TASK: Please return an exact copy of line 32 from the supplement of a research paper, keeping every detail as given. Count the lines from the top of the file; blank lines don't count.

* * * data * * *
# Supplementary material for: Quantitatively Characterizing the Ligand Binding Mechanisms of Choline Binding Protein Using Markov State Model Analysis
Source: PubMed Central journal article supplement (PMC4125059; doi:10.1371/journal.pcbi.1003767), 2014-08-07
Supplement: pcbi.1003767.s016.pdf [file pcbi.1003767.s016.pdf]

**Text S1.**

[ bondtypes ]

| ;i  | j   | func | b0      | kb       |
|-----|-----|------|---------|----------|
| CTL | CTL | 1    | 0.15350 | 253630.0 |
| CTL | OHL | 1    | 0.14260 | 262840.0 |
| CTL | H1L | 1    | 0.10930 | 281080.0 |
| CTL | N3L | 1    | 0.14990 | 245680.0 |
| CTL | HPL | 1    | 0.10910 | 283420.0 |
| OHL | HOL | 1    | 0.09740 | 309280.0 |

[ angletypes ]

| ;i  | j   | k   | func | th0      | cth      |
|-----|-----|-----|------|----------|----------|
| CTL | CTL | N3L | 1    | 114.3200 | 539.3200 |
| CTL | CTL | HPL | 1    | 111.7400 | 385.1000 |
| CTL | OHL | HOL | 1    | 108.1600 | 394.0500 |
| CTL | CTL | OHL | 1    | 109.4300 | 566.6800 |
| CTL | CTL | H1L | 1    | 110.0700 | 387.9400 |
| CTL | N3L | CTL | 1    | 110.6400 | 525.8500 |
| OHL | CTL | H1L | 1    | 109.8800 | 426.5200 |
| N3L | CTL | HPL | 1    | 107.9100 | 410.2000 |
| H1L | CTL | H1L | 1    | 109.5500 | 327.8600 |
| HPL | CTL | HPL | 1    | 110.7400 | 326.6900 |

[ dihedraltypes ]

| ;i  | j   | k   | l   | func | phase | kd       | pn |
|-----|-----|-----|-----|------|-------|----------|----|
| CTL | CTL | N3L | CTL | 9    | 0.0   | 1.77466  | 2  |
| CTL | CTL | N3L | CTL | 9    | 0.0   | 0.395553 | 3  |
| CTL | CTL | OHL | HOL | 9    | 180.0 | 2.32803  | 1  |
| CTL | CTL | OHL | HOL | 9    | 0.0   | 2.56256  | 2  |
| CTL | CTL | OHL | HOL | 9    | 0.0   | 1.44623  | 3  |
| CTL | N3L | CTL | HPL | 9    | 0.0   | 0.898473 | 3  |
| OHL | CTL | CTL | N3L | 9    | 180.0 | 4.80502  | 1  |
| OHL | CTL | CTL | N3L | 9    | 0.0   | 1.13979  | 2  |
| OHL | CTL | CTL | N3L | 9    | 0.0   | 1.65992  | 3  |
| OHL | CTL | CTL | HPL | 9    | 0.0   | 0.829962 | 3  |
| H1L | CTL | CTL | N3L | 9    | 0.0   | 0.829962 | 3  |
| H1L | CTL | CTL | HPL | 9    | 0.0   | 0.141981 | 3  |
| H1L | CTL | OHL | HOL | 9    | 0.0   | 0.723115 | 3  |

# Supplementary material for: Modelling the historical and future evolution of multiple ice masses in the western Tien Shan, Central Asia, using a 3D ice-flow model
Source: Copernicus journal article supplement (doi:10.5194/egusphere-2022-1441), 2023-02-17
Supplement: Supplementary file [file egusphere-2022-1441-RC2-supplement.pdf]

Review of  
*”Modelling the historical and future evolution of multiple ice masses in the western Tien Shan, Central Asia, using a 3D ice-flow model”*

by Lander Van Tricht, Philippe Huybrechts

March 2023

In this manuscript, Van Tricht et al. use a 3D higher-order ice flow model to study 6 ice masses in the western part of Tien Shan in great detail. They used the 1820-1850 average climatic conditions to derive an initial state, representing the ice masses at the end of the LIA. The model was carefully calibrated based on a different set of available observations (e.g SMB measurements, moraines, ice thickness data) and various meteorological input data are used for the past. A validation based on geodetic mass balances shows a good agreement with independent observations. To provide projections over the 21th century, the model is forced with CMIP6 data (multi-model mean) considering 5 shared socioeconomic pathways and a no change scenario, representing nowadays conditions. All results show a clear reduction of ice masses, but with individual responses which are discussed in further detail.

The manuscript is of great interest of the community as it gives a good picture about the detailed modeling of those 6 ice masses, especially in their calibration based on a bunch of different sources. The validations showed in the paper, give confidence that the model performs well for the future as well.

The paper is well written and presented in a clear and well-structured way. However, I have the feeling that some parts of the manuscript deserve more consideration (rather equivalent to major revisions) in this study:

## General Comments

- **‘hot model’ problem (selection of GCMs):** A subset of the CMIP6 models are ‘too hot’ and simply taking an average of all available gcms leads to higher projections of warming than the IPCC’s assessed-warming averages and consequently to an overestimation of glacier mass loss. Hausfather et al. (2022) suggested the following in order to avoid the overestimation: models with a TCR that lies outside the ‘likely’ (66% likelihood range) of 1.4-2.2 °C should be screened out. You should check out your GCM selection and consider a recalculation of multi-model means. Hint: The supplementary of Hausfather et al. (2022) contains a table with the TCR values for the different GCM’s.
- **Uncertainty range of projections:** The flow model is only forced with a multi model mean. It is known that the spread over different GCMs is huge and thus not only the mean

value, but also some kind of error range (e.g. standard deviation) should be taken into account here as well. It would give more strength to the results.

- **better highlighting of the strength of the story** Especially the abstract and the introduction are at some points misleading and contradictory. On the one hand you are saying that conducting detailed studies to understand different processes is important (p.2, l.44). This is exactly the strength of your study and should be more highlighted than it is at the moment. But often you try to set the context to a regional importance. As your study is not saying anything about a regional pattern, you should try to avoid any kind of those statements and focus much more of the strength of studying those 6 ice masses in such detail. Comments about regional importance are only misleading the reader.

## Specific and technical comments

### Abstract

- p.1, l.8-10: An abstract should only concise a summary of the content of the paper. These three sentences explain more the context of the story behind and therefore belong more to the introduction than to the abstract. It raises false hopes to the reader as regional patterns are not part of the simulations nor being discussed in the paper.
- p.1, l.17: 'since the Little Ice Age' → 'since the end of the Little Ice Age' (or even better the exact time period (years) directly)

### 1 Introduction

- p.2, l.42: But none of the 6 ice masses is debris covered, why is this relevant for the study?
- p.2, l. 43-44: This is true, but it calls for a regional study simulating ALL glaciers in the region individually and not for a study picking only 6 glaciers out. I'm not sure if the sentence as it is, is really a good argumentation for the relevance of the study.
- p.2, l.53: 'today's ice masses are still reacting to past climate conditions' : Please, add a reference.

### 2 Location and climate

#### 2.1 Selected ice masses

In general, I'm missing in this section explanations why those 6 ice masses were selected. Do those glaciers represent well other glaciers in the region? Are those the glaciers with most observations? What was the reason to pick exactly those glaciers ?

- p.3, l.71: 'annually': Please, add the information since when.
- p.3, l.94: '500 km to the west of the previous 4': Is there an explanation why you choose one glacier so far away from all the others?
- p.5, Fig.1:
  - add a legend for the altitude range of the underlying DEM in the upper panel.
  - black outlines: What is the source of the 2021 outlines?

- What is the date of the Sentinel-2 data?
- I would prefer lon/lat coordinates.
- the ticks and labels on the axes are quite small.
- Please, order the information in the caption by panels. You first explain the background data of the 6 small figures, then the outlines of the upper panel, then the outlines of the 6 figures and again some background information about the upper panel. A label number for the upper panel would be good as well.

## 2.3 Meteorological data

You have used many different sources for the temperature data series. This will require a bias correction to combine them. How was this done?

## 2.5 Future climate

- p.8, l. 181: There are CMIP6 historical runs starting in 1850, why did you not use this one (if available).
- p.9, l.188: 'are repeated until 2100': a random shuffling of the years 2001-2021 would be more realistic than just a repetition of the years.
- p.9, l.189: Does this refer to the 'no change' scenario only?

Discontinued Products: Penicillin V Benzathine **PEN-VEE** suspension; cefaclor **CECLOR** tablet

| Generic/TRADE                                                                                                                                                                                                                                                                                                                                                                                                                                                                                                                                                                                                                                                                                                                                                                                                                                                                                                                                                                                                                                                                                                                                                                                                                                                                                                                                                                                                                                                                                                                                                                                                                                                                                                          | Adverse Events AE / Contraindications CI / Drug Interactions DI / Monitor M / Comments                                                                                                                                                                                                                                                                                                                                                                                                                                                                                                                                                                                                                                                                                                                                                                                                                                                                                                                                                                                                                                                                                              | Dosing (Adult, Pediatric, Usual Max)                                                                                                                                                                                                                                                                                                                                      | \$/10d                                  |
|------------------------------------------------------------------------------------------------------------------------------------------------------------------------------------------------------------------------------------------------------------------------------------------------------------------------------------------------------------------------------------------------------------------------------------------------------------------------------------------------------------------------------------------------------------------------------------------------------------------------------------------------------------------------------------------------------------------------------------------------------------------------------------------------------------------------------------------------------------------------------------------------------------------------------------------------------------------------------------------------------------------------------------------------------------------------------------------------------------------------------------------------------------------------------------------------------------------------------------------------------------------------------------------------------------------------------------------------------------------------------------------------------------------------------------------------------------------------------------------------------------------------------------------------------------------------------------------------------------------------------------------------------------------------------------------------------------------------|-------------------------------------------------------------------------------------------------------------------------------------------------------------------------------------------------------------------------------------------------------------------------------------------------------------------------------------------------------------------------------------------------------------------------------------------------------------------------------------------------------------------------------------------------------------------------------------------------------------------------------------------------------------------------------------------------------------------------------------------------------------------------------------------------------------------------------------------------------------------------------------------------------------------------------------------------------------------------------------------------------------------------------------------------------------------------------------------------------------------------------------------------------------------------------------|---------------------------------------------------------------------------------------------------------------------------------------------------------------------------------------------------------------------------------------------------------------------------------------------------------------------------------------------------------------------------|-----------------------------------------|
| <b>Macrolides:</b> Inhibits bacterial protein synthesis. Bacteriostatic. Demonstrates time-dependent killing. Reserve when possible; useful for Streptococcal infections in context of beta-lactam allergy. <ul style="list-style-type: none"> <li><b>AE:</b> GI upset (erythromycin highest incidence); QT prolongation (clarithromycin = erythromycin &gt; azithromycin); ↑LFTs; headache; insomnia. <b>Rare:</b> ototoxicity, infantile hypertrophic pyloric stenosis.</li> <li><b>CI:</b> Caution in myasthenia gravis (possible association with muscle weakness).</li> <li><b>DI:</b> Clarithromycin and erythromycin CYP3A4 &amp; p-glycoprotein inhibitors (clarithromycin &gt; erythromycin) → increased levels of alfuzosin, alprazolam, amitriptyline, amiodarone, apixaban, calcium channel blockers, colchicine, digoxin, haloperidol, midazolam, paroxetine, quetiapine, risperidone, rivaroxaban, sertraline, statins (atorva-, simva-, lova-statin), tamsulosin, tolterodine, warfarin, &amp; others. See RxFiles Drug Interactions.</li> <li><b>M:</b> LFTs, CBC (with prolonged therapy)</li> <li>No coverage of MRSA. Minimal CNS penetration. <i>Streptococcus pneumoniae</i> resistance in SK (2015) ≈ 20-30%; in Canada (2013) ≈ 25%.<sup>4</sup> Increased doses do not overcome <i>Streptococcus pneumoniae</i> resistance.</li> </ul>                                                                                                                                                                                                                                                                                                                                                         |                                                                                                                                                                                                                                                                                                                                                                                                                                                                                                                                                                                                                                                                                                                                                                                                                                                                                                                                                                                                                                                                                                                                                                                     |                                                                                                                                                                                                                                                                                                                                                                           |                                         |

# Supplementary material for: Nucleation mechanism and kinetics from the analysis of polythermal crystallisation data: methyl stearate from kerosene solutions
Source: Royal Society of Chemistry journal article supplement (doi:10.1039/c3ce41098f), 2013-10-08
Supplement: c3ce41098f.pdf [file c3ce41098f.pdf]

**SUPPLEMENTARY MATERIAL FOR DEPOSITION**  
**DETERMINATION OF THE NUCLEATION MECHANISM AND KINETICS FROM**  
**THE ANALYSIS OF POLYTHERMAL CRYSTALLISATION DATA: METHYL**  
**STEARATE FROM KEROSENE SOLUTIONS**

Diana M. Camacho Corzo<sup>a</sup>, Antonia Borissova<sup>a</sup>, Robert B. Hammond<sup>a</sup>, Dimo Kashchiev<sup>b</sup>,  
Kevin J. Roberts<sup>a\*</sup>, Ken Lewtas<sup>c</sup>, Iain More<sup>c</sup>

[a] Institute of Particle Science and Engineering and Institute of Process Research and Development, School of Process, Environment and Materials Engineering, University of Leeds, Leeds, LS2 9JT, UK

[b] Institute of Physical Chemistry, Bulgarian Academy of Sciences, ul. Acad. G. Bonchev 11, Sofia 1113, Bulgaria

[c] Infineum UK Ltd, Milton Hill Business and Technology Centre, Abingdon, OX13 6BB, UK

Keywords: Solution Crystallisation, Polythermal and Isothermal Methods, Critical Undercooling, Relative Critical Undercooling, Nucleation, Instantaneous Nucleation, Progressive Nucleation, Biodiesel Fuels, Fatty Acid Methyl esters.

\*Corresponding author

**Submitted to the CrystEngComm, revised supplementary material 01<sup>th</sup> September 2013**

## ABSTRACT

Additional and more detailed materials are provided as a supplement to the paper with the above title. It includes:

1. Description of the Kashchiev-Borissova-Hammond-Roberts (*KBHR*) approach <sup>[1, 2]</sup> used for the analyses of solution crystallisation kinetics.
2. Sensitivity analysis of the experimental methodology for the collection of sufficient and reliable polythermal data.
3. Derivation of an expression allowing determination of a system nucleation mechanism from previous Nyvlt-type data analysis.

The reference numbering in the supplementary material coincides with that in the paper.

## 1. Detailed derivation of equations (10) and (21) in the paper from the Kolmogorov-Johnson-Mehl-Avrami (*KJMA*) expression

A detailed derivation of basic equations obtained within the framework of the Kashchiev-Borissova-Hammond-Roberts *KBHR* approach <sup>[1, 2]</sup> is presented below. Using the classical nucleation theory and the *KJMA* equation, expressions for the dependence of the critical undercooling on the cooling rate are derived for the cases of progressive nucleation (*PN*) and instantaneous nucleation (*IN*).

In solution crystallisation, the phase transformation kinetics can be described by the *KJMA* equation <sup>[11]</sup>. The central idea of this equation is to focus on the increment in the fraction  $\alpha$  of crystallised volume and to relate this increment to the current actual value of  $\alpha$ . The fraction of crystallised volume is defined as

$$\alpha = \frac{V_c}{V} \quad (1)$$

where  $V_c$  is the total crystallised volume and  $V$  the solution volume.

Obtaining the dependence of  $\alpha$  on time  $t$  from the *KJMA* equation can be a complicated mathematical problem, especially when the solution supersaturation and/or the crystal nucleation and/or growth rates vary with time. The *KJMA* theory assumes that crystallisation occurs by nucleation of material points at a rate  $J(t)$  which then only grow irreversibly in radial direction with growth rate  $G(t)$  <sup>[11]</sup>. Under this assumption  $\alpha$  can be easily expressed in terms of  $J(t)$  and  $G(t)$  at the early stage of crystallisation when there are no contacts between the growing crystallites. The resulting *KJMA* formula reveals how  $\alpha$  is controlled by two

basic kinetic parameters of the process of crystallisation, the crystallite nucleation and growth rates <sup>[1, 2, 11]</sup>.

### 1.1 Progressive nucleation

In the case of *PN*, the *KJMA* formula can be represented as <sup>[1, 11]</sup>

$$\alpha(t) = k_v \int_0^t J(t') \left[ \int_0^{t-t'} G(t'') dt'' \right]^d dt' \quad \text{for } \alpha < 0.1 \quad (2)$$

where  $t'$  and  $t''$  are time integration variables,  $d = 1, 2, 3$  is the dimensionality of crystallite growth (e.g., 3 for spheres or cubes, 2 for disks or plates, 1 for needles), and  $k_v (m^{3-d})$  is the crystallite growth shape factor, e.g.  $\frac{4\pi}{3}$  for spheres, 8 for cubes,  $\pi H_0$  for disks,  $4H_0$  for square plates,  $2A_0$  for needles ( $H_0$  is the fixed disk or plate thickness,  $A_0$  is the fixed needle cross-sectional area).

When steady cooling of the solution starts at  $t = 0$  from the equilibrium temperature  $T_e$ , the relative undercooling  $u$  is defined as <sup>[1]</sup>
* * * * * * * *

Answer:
| CTL | CTL | OHL | HOL | 9    | 180.0 | 2.32803  | 1  |